‘Leto’ Film Review: Musical Biopic Is a Rock ‘n’ Roll Fever Dream

Cannes 2018: Russian director Kirill Serebrennikov tells the story of musician Viktor Tsoi in a way that is messy, surreal and ultimately moving

Cannes Film Festival

If you don’t count Wednesday night’s screening of “Black Panther” on the beach, the most fun to be had watching movies at this year’s Cannes Film Festival might well have come early in Russian director Kirill Serebrennikov’s “Leto,” when a train full of disaffected young musicians terrorize their more sedate passengers with a full-throated version of the Talking Heads’ “Psycho Killer.”

Or 40 minutes or so later, when a busload of commuters breaks into Iggy Pop’s “The Passenger.”

Like the film itself, those sequences are energetic, messy, a little surreal and wholly enjoyable, a tribute to the power of rock ‘n’ roll to shake things up while also providing good fun.

“Leto,” which premiered on Wednesday night and screened for the press on Thursday morning, is the wildest and most bracing film to screen in the main competition so far this year. Part fond remembrance of an early-’80s Leningrad rock scene and part glam-rock fever dream, “Leto” asks an audience to surrender to excess and at times to silliness, and it richly rewards them for doing so.

Serebrennikov is one of two main-competition directors who is not allowed by authorities in his home country to come to the festival, the other being Iran’s Jafar Panahi. He has been under house arrest for almost a year on fraud accusations, though his supporters say it’s a trumped-up charge by a Russian government that wants to punish him for his art.

There’s a current of anti-government sentiment running through “Leto” in the way its musicians can’t play the government-supported Leningrad Music Club until their lyrics have been approved by a stern censor who tells them, “Soviet rock musicians must find all that’s good in humanity.” When they do play, stern guards watch over the audience to make sure they don’t stand up, move or do anything but applaud politely.

But that’s not the focus of the film, which is based on the life of Soviet rock musician Viktor Tsoi, who was a legendary figure in his home country but is largely unknown outside Russia. To those who aren’t familiar with Tsoi’s music, “Leto” works as a more universal story of striving and of rock ‘n’ roll dreams.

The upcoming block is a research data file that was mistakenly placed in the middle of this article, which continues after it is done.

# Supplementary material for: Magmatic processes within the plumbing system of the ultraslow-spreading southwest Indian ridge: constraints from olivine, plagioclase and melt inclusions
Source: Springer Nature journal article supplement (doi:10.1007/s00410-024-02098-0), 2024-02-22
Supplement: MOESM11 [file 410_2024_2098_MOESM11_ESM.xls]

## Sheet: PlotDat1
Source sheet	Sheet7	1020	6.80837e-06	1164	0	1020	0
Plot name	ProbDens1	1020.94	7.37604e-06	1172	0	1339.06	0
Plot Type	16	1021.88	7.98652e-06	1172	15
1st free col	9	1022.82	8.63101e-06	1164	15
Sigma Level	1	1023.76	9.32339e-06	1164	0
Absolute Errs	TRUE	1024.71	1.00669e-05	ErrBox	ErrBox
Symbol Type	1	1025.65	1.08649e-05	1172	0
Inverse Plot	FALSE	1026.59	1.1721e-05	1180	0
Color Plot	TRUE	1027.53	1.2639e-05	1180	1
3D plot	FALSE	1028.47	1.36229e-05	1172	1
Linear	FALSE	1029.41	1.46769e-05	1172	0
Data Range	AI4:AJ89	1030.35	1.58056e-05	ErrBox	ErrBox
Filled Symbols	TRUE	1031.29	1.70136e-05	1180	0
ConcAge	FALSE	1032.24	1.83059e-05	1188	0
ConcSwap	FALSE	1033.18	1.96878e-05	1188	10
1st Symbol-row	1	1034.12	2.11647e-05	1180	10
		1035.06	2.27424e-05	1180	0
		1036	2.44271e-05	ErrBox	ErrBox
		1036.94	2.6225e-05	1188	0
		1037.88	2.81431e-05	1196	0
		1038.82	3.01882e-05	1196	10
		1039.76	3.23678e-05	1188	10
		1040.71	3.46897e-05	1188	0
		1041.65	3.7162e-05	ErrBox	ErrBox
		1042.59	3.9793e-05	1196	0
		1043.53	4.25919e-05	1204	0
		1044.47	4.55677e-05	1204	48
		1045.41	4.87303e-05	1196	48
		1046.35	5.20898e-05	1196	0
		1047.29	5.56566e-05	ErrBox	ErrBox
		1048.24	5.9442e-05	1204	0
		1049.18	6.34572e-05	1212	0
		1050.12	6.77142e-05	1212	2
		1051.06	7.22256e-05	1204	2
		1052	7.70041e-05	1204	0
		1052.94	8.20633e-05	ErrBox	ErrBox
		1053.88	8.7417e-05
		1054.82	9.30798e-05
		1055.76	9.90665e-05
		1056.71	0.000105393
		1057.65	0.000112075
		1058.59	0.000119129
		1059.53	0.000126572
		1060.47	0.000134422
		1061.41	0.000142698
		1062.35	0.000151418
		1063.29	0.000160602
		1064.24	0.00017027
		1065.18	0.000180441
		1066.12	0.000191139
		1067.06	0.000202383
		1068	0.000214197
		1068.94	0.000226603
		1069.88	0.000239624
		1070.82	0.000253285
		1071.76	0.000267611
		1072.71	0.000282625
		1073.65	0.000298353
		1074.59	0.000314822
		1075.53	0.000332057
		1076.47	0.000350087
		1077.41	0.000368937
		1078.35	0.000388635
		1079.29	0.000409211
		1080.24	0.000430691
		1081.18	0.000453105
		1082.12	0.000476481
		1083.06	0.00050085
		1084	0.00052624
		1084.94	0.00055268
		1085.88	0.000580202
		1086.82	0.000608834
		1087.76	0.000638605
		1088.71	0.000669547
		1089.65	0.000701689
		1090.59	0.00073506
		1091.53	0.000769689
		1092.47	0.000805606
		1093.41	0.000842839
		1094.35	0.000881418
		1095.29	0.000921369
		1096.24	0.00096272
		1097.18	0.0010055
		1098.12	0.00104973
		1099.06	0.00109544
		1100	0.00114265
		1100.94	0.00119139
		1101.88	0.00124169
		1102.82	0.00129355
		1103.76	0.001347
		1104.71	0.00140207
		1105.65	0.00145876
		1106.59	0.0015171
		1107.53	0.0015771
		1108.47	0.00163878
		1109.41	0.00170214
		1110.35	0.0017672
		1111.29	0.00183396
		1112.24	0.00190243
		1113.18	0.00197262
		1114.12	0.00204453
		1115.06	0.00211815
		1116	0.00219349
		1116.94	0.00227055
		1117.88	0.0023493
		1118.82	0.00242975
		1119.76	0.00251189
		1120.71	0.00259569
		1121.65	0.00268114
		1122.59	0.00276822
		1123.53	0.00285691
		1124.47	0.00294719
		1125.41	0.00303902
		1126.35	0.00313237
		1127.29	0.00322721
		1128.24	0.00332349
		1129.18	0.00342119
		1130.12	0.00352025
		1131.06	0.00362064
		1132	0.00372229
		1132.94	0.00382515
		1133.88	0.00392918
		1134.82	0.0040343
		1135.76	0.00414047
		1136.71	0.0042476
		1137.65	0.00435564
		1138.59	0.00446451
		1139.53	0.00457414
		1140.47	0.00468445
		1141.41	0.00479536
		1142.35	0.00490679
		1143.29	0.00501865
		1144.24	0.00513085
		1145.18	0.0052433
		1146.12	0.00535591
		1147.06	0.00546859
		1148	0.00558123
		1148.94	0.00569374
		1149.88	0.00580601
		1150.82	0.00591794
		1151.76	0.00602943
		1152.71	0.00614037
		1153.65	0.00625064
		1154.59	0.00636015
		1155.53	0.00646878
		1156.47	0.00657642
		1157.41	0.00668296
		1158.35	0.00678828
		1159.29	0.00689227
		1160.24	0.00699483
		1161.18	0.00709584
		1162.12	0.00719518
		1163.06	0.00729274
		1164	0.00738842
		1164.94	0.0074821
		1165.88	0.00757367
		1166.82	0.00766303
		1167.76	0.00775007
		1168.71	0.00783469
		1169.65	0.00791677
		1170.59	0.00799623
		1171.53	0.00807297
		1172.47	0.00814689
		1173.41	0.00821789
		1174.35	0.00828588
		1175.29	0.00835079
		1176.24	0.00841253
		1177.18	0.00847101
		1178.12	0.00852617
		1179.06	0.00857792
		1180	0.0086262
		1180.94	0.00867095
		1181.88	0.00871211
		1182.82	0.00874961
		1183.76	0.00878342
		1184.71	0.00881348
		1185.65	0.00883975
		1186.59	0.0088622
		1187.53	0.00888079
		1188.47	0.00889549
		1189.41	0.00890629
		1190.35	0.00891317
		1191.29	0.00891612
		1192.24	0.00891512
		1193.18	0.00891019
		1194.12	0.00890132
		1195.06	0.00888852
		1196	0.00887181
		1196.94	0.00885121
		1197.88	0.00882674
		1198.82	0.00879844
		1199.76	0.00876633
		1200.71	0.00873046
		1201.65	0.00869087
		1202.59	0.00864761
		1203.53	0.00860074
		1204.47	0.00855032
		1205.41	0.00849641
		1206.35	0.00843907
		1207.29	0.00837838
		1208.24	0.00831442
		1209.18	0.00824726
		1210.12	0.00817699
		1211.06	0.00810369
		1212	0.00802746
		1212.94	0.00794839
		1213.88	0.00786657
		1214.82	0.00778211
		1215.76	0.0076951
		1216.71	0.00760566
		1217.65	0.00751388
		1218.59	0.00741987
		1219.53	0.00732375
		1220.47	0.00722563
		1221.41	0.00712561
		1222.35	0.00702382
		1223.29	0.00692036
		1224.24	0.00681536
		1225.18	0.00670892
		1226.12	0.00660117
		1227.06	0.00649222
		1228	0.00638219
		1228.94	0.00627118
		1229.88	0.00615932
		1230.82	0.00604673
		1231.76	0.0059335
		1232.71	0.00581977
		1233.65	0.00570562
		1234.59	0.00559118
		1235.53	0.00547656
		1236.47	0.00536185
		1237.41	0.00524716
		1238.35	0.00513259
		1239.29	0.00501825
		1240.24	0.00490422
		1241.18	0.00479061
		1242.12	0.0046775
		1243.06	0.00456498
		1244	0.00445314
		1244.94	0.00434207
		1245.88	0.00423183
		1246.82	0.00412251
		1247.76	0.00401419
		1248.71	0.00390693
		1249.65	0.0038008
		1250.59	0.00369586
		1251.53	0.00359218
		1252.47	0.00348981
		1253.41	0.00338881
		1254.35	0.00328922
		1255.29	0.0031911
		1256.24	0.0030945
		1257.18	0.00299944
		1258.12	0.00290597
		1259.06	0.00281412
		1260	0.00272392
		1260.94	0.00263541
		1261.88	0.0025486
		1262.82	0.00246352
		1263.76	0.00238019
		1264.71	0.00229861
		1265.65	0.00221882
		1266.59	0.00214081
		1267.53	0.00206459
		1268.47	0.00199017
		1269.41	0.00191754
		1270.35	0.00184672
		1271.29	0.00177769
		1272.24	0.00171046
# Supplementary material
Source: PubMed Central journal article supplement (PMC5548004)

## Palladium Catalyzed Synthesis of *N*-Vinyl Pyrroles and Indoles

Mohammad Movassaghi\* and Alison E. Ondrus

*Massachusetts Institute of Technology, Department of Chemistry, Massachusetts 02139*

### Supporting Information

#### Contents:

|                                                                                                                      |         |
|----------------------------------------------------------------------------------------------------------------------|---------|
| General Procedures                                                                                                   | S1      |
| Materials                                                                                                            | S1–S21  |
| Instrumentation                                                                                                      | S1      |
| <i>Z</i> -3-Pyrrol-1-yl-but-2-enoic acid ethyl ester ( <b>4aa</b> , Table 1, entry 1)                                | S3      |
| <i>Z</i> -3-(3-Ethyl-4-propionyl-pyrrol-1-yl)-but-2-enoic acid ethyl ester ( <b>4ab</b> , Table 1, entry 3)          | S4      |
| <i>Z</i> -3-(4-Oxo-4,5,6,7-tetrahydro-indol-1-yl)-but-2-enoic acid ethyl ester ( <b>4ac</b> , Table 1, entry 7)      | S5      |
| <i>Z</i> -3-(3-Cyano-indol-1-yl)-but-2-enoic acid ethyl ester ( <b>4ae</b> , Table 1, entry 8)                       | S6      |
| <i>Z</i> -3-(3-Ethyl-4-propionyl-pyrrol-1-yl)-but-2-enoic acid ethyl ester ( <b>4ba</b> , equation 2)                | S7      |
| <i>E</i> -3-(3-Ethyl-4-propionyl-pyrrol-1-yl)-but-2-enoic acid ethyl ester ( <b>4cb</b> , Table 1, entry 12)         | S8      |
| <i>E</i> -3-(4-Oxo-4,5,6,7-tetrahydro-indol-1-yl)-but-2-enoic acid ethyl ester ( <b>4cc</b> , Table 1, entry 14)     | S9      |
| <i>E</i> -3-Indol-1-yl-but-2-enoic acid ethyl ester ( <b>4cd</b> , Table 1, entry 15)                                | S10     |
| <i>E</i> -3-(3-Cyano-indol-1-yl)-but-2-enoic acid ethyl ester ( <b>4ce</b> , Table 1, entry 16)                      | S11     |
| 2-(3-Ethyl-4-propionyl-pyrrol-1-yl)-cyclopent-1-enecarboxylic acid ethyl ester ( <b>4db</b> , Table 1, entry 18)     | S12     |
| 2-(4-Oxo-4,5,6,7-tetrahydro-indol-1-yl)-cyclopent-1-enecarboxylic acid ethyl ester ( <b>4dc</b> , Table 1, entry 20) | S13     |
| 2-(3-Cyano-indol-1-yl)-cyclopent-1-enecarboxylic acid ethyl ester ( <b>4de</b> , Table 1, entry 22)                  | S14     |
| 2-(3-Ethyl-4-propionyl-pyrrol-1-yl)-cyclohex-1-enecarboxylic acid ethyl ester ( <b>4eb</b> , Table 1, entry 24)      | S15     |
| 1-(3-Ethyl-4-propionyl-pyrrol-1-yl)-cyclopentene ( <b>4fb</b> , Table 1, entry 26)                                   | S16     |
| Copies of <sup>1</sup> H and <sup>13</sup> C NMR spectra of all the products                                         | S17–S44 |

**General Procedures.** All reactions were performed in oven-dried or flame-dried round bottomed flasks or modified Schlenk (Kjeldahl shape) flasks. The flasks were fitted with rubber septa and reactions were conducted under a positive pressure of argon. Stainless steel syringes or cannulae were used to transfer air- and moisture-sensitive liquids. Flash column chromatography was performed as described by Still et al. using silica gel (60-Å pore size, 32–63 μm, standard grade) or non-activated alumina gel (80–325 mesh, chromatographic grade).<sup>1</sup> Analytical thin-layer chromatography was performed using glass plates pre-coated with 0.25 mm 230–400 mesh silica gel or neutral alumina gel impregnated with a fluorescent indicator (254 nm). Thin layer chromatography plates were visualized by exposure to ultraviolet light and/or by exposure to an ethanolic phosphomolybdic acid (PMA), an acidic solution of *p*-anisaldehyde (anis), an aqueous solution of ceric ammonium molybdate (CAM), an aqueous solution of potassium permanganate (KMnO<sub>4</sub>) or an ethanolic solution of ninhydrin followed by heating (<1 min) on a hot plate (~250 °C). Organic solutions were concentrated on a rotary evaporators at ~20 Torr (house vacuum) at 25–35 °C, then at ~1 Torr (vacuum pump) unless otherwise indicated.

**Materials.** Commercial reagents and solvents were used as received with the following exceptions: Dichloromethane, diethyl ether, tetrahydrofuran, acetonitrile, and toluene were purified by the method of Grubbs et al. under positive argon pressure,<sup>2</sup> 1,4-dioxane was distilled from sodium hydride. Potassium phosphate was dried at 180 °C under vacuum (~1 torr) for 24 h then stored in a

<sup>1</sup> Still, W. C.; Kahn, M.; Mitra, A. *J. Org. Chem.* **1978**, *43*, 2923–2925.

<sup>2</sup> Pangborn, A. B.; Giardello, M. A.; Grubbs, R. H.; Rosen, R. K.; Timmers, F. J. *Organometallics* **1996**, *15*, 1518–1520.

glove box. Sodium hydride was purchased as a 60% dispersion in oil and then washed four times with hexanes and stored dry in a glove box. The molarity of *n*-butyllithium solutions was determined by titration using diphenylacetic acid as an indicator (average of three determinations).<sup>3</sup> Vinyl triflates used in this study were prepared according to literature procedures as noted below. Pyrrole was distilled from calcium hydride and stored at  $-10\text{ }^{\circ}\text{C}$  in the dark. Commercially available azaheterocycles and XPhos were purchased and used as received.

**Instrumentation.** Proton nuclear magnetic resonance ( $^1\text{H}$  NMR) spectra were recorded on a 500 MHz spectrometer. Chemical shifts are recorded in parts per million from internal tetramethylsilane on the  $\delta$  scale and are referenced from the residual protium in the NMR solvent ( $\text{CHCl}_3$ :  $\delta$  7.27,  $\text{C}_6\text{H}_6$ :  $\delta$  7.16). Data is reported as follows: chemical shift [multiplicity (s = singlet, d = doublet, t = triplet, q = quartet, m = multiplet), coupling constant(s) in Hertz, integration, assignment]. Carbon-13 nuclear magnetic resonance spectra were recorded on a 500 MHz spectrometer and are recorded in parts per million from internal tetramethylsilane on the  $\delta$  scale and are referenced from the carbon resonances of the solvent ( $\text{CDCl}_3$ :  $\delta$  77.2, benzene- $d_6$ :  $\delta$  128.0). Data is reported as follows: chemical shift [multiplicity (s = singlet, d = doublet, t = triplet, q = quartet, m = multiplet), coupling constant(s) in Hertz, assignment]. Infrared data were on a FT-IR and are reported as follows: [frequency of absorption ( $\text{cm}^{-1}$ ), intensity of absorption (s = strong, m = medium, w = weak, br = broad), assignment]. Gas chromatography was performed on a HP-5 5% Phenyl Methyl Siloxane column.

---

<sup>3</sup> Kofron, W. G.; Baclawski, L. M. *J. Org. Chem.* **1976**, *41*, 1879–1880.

Tsoi, played by Tee Yoo, is introduced as he makes a pilgrimage to see established local musician Mike (Roman Bilyk), the leader of a band and a community of misfits whose idols are David Bowie, Lou Reed and T-Rex’s Marc Bolan. They pay lip service to punk music, but they’re really glam-rockers at heart.

Serebrennikov doesn’t go full glam with the film, though. For the most part, “Leto” is shot in lustrous black and white that can seem gritty at times but more often turns the film into a rock ‘n’ roll reverie, a fever dream born of “Aladdin Sane” and “The Velvet Underground and Nico” (and occasionally accompanied by onscreen animation in a number of terrific fantasy sequences).

Tee Yoo, a Korean actor who learned Russian phonetically for the film, is suitably enigmatic as the gifted man at the center of a dizzying movement, while Bilyk is touching as the young rebel trying to adjust to the fact that he’s become an elder statesman of sorts.

At heart, this is a story of musicians who are dealing with several layers of frustration — cultural, artistic, personal — but manage to break through, one way or another. There’s a love triangle of sorts, as Viktor flirts with and falls for Mike’s wife, Natasha (a quietly compelling Irina Stashenbaum), but the heart of the film is in the songs, both Tsoi’s own music and Western tunes like “Psycho Killer,” Iggy Pop’s “The Passenger” (used in a priceless bus sequence) and a ghostly, hallucinatory version of the hit Bowie gave to Mott the Hoople, “All the Young Dudes.”

A mocking line from that last song essentially serves as the theme of this film: “Oh man, I need TV when I got T-Rex?” These people didn’t need Soviet TV, they did have T-Rex, and for a while it was glorious — though as the end of the film points out the ones among them who died young, the glory is tinged with deep melancholy.

Like rock ‘n’ roll itself, “Leto” aims to be great and doesn’t worry about being messy. Unlike anything else at Cannes so far this year, it cranks the dial to 11 and is all the better for it.